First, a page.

How to Become a Funeral Service Worker
Becoming a funeral director requires courses in ethics, grief counseling, and business law.
An associate’s degree in funeral service or mortuary science is the typical education requirement for funeral service workers. With the exception of funeral service managers, all workers must be licensed in Washington, D.C. and every state in which they work, except Colorado which offers a voluntary certification program.
An associate’s degree in mortuary science is the typical education requirement for all funeral service workers. Courses taken usually include those covering the topics of ethics, grief counseling, funeral service, and business law. All accredited programs also include courses in embalming and restorative techniques. States have their own education requirements, and state licensing laws vary. Most employers require applicants to be 21 years old; have 2 years of formal education; serve a 1-year internship before, during, or after attending a mortuary college; and pass a state licensing exam after graduation.
In some states, licensure for funeral directors and embalmers is separate.
The American Board of Funeral Service Education (ABFSE) accredits 58 funeral service and mortuary science programs, most of which are 2-year associate’s degree programs offered at community colleges. Some programs offer a bachelor’s degree.
Although an associate’s degree is usually adequate, some employers prefer applicants to have a bachelor’s degree.
High school students can prepare to become a funeral service worker by taking courses in biology, chemistry, and business, and by participating in public speaking.
Part-time or summer jobs in funeral homes also provide valuable experience.
Morticians, undertakers, and funeral directors must complete hands-on training, usually lasting 1 to 3 years, under the direction of a licensed funeral director or manager. The internship may be completed before, during, or after completing a 2-year funeral service or mortuary science program and passing a national board exam. Internships provide practical experience in all aspects of the funeral service.
Licenses, Certifications, and Registrations
With the exception of funeral service managers, all workers must be licensed in Washington, D.C. and every state in which they work, except Colorado which offers a voluntary certification program. Although licensing laws and examinations vary by state, most applicants must meet the following criteria:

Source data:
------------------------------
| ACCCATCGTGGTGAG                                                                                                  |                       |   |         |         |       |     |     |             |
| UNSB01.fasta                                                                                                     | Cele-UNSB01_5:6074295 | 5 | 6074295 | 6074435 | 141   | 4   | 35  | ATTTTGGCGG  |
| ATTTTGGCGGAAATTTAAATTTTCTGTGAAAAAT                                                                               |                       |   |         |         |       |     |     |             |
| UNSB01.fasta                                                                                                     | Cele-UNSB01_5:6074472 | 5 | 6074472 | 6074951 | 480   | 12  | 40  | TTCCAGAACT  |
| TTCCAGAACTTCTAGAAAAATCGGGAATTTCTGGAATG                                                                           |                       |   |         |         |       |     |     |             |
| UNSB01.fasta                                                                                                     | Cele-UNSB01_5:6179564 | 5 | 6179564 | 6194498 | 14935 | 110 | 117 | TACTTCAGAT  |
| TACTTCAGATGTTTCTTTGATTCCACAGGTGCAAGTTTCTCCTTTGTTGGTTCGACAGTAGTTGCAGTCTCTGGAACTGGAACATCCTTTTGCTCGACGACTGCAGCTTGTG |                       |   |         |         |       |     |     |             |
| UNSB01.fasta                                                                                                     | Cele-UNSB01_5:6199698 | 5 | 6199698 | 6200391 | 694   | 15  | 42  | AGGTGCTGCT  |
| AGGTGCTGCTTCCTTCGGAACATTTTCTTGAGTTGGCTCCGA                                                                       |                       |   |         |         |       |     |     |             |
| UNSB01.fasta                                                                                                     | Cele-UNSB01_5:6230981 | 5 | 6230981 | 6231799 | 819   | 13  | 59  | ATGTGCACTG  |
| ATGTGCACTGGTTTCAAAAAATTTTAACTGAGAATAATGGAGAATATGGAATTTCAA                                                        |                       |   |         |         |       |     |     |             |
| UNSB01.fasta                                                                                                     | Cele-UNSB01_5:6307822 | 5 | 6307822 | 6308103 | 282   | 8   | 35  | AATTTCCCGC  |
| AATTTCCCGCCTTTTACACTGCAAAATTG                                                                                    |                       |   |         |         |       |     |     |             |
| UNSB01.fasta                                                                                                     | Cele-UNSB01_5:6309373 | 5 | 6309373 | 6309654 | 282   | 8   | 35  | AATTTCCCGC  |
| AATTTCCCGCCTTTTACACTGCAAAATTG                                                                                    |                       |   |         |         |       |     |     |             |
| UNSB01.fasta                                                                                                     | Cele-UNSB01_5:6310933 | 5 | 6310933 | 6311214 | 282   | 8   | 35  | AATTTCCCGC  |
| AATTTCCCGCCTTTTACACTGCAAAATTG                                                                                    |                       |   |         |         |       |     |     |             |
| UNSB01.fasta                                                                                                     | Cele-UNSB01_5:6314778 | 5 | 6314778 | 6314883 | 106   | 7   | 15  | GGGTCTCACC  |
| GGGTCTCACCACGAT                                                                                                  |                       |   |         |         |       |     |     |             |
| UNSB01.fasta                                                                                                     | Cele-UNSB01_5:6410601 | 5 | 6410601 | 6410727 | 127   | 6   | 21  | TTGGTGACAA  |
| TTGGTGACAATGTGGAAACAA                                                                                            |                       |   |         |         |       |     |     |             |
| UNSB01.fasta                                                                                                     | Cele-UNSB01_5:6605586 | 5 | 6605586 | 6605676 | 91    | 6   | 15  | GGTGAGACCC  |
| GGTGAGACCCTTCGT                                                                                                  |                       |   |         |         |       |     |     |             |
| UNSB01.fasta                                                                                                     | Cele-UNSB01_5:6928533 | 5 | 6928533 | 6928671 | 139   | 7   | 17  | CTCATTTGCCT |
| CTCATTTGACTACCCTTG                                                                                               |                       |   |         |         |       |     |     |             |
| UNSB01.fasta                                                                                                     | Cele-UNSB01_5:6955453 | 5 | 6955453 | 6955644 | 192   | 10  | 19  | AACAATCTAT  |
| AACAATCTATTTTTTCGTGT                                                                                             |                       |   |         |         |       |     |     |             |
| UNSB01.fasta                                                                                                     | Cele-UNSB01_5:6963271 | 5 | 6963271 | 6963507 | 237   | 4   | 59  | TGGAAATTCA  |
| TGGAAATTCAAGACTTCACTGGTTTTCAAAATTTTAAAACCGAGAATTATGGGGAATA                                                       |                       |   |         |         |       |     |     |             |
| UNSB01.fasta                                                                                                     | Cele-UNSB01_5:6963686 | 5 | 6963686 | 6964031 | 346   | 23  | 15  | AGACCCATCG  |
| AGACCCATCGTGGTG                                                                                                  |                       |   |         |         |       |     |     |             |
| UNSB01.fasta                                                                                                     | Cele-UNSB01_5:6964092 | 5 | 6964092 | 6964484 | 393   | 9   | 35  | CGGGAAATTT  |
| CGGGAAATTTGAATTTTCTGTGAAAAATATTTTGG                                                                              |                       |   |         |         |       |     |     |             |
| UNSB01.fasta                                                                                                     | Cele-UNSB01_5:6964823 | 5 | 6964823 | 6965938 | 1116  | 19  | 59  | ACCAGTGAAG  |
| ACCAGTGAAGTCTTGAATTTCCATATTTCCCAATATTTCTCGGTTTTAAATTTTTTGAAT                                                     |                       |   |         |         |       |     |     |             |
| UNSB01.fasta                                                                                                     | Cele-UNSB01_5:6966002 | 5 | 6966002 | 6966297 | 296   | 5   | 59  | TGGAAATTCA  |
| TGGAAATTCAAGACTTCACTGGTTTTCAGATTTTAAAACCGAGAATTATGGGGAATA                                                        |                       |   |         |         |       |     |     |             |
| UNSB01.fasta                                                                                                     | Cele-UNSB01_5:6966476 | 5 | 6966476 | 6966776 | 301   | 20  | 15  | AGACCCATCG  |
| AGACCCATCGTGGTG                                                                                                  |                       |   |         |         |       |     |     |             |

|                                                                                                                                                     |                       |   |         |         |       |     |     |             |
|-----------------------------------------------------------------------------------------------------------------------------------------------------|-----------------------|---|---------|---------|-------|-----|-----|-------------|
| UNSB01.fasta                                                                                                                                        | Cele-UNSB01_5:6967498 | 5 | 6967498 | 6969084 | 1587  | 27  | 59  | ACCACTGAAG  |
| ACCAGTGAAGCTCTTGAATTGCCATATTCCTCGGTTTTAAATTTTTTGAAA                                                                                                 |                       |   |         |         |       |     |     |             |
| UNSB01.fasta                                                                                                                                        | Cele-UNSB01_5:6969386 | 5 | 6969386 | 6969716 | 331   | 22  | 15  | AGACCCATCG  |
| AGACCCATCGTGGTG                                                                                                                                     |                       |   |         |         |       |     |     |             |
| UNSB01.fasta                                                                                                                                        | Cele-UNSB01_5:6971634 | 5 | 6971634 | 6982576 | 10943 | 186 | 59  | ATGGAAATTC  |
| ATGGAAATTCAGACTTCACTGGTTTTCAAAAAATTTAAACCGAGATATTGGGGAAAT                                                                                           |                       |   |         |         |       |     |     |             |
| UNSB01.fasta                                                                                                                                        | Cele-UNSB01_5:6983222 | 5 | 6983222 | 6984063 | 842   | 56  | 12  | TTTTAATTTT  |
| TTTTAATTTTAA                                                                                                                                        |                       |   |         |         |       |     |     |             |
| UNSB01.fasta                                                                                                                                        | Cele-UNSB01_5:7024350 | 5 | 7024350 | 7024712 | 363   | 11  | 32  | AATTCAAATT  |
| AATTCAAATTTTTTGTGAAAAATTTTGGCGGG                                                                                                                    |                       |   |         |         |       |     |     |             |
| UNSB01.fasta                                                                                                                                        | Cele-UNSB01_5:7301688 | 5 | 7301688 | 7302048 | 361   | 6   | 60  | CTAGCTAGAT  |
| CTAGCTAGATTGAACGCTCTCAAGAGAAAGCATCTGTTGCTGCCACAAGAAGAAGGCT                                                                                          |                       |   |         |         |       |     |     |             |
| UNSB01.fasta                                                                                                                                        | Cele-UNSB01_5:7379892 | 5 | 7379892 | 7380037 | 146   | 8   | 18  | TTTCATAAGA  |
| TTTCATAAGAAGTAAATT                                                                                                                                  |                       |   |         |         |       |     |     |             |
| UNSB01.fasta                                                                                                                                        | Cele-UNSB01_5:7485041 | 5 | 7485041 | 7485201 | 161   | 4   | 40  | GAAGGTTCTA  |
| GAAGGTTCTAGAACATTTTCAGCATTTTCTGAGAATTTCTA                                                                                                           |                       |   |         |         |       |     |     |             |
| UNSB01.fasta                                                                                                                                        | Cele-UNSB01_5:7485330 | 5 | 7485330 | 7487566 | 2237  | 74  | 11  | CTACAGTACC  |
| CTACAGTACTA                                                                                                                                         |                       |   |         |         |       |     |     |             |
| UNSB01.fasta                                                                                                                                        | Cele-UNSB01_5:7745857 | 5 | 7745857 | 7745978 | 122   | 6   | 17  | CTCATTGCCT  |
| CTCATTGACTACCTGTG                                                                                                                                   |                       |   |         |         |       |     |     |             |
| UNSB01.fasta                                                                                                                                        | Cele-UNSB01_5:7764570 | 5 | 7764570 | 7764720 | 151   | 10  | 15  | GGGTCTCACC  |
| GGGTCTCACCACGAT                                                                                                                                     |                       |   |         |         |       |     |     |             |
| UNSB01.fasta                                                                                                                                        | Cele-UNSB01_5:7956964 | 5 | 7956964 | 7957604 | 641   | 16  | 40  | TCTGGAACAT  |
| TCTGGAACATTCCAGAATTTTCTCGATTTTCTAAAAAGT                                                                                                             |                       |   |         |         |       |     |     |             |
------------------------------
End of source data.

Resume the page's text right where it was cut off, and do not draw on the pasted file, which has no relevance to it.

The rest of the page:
- Be 21 years old
- Complete 2 years in an ABFSE funeral service or mortuary science program, and pass a national board exam
- Serve an internship lasting 1 to 3 years
Applicants must then pass a state licensing exam. Working in multiple states will require multiple licenses. For specific requirements, applicants should contact each applicable state licensing board.
Most states require funeral directors and embalmers to receive continuing education credits annually to keep their licenses.
The International Cemetery, Cremation and Funeral Association (ICCFA) and the National Funeral Directors Association (NFDA) offer crematory certification designations. A growing number of states are requiring certification for those who will perform cremations. For specific requirements, applicants should contact their state board.
Work Experience in a Related Occupation
Workers increasingly are being required to have some office management experience, particularly for funeral service managers who run their own funeral home business.
Business skills. Knowledge of financial statements and the ability to run a funeral home efficiently and profitably are important for funeral directors and managers.
Compassion. Death is a delicate and emotional matter. Funeral service workers must be able to treat clients with care and sympathy in their time of loss.
Interpersonal skills. Funeral service workers should have good interpersonal skills. When speaking with families, for instance, they must be tactful and able to explain and discuss all matters about services provided.
Time-management skills. Funeral service workers must be able to handle numerous tasks for multiple customers, often over a short timeframe.